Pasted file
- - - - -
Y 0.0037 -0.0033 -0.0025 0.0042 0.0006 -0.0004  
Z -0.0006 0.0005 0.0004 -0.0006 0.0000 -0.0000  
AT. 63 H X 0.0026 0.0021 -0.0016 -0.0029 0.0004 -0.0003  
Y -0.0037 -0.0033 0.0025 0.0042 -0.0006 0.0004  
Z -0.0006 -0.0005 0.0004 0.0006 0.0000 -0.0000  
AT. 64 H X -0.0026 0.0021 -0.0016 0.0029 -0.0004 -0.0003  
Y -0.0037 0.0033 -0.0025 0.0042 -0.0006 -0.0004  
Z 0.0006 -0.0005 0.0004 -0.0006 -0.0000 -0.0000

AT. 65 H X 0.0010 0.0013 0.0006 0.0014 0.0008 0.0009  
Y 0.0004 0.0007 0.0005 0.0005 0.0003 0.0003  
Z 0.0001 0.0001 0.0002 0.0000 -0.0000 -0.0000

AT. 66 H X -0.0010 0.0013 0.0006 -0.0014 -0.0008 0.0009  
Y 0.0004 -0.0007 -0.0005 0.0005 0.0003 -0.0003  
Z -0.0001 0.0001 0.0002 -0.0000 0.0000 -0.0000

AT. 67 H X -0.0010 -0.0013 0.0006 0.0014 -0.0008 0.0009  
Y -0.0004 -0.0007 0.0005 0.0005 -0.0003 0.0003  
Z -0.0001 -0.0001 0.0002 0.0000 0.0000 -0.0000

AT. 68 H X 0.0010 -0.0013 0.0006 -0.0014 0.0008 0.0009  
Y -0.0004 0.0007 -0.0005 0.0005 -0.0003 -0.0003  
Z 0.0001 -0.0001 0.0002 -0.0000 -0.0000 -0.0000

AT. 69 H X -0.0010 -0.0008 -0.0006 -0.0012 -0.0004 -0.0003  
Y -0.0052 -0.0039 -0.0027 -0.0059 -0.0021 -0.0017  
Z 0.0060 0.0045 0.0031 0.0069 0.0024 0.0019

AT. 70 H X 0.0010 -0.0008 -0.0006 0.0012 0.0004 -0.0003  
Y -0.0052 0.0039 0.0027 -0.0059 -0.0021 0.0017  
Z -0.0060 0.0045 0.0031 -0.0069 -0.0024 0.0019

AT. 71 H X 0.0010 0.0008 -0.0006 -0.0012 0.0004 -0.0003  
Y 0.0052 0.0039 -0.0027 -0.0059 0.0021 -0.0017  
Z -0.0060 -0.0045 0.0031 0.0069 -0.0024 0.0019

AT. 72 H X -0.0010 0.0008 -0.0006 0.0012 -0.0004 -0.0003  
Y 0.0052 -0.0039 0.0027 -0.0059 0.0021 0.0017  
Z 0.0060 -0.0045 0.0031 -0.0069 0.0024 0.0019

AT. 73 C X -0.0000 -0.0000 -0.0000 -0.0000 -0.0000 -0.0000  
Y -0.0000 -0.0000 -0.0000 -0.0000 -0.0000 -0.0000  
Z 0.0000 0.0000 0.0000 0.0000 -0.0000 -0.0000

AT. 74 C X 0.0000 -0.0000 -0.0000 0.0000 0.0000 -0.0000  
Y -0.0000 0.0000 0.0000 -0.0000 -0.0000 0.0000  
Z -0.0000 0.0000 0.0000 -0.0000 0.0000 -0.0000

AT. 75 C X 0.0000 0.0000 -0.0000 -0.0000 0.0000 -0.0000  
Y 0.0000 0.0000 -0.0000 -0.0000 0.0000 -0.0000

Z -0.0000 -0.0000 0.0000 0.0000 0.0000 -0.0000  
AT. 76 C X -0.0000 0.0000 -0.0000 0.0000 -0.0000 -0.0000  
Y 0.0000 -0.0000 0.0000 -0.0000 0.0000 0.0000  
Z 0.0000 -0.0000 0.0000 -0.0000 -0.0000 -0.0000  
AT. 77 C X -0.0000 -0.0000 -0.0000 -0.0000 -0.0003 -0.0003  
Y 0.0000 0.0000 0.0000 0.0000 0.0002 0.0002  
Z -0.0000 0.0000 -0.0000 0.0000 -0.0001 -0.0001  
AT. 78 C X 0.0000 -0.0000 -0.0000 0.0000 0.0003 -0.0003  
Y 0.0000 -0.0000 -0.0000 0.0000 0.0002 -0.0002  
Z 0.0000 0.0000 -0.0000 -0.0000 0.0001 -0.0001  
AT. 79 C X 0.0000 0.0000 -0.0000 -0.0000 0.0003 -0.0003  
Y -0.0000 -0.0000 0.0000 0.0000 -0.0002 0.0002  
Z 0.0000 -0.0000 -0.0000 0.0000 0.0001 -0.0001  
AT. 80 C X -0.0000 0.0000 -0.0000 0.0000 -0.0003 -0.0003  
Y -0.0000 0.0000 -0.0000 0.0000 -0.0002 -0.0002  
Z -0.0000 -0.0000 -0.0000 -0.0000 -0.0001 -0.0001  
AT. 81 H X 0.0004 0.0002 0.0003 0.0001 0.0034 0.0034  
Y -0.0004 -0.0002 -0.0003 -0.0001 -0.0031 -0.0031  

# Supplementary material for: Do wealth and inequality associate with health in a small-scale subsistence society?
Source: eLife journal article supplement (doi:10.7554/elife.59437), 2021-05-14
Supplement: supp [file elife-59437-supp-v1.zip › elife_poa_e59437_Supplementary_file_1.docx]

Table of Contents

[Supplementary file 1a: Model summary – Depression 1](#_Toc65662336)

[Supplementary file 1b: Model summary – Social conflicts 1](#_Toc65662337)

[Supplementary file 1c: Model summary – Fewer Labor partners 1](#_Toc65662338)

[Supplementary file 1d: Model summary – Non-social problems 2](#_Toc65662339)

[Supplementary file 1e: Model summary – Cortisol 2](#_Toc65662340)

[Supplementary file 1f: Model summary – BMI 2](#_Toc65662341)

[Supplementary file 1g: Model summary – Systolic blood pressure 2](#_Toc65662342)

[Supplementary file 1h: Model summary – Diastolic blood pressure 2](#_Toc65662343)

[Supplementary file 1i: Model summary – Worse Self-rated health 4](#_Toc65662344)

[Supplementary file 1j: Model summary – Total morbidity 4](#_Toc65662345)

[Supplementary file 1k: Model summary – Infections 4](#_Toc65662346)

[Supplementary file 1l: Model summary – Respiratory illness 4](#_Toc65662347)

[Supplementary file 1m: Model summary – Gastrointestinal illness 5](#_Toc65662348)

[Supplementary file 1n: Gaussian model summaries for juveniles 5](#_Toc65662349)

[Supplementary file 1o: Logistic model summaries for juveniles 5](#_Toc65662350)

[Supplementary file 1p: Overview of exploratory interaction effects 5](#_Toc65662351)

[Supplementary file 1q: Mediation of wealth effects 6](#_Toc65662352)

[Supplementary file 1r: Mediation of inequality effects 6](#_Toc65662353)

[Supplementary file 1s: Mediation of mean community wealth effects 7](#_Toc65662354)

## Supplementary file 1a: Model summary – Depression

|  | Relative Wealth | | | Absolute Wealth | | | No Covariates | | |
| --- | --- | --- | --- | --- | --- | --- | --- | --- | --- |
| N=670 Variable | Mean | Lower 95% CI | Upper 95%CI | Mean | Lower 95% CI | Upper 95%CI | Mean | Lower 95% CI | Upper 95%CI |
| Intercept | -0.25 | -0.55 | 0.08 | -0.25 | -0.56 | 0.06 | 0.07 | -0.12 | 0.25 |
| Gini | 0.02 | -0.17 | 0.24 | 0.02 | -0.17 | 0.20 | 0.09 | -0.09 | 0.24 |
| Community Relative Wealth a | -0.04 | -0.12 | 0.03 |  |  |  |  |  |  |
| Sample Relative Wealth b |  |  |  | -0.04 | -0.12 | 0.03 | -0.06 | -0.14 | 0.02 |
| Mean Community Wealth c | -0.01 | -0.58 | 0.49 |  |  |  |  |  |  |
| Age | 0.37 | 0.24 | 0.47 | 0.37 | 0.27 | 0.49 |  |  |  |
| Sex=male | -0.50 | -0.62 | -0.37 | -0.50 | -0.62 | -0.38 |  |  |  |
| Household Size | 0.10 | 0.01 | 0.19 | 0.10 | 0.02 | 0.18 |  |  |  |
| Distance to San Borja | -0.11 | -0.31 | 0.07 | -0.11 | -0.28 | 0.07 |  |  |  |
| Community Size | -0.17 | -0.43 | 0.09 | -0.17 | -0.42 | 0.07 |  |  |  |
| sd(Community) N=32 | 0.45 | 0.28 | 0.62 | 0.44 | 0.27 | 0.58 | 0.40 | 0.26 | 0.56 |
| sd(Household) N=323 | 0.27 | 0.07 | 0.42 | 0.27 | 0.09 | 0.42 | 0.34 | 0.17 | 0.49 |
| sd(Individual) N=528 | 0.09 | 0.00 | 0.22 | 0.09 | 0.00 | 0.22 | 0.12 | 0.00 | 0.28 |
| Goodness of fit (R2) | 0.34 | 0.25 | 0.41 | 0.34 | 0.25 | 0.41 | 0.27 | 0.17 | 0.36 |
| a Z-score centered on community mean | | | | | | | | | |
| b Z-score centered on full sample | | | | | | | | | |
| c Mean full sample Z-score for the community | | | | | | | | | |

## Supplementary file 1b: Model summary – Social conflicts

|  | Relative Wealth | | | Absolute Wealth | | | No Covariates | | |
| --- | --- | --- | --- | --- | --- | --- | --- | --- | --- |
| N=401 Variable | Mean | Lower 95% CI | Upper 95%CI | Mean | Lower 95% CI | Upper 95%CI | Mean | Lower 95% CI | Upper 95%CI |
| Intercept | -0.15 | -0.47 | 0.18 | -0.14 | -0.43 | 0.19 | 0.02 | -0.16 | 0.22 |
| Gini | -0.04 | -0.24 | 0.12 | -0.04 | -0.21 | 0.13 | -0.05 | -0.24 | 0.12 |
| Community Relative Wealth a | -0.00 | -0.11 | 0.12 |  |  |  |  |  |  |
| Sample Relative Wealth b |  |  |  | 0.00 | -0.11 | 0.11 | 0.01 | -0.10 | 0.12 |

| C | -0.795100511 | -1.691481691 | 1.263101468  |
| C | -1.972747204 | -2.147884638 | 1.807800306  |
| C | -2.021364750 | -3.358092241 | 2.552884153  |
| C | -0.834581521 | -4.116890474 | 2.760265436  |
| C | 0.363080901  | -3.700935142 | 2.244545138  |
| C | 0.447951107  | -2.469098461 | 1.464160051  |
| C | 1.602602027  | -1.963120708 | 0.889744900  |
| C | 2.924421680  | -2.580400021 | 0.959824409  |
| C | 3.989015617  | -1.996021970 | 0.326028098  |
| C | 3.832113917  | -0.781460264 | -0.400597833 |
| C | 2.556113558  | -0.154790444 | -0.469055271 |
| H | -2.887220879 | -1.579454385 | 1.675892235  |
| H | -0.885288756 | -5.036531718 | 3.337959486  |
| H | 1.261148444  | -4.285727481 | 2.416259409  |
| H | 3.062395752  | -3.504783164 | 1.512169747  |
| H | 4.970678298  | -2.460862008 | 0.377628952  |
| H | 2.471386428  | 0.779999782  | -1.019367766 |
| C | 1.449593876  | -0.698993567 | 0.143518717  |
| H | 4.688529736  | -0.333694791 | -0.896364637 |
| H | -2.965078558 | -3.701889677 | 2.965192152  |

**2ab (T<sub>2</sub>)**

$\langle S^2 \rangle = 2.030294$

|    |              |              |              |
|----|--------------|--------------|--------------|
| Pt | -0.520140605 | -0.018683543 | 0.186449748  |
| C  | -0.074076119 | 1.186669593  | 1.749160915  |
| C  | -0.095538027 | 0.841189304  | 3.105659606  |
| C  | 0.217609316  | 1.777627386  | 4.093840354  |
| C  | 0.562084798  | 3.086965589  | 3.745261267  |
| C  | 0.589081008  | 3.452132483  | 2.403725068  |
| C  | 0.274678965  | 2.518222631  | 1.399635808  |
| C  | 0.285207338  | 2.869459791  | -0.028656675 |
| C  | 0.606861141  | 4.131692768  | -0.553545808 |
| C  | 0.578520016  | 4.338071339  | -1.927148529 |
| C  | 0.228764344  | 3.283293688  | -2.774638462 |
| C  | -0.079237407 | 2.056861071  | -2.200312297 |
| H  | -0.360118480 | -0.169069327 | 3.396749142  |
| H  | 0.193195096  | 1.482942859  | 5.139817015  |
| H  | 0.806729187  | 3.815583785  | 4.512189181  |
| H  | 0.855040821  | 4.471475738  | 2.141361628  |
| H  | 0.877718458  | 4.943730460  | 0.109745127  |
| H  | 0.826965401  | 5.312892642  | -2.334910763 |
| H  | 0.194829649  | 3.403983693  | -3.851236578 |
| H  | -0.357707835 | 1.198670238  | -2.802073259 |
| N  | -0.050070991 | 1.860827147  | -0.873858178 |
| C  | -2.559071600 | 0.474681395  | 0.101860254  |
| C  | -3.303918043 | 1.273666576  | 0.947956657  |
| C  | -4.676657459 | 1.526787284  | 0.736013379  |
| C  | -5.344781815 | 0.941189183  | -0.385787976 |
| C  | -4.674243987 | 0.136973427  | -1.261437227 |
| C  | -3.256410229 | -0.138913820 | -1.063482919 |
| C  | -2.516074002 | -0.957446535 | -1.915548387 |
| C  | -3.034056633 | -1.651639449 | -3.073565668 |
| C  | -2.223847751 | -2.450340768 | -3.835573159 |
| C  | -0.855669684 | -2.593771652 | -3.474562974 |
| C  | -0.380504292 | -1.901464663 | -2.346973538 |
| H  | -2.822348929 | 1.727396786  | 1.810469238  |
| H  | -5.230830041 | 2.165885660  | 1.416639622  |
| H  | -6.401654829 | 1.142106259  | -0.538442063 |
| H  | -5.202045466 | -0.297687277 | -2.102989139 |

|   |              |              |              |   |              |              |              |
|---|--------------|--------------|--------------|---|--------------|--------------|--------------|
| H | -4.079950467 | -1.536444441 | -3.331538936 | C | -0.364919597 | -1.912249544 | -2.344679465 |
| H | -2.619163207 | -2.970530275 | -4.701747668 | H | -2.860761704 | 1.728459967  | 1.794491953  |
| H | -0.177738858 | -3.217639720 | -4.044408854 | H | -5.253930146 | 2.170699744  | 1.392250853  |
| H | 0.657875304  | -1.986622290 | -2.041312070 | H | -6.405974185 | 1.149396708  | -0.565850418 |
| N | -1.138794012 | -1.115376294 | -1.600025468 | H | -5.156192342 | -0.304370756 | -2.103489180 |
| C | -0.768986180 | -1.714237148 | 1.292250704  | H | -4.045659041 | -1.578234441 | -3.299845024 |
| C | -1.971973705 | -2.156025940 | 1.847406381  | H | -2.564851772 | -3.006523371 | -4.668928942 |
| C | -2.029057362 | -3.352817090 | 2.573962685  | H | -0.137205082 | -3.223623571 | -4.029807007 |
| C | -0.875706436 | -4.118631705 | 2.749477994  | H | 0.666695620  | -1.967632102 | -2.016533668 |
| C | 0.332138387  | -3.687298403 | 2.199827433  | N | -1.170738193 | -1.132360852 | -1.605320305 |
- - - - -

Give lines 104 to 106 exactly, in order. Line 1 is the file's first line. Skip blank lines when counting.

|  | Relative Wealth | | | Absolute Wealth | | | No Covariates | | |
| --- | --- | --- | --- | --- | --- | --- | --- | --- | --- |
| N=401 Variable | Mean | Lower 95% CI | Upper 95%CI | Mean | Lower 95% CI | Upper 95%CI | Mean | Lower 95% CI | Upper 95%CI |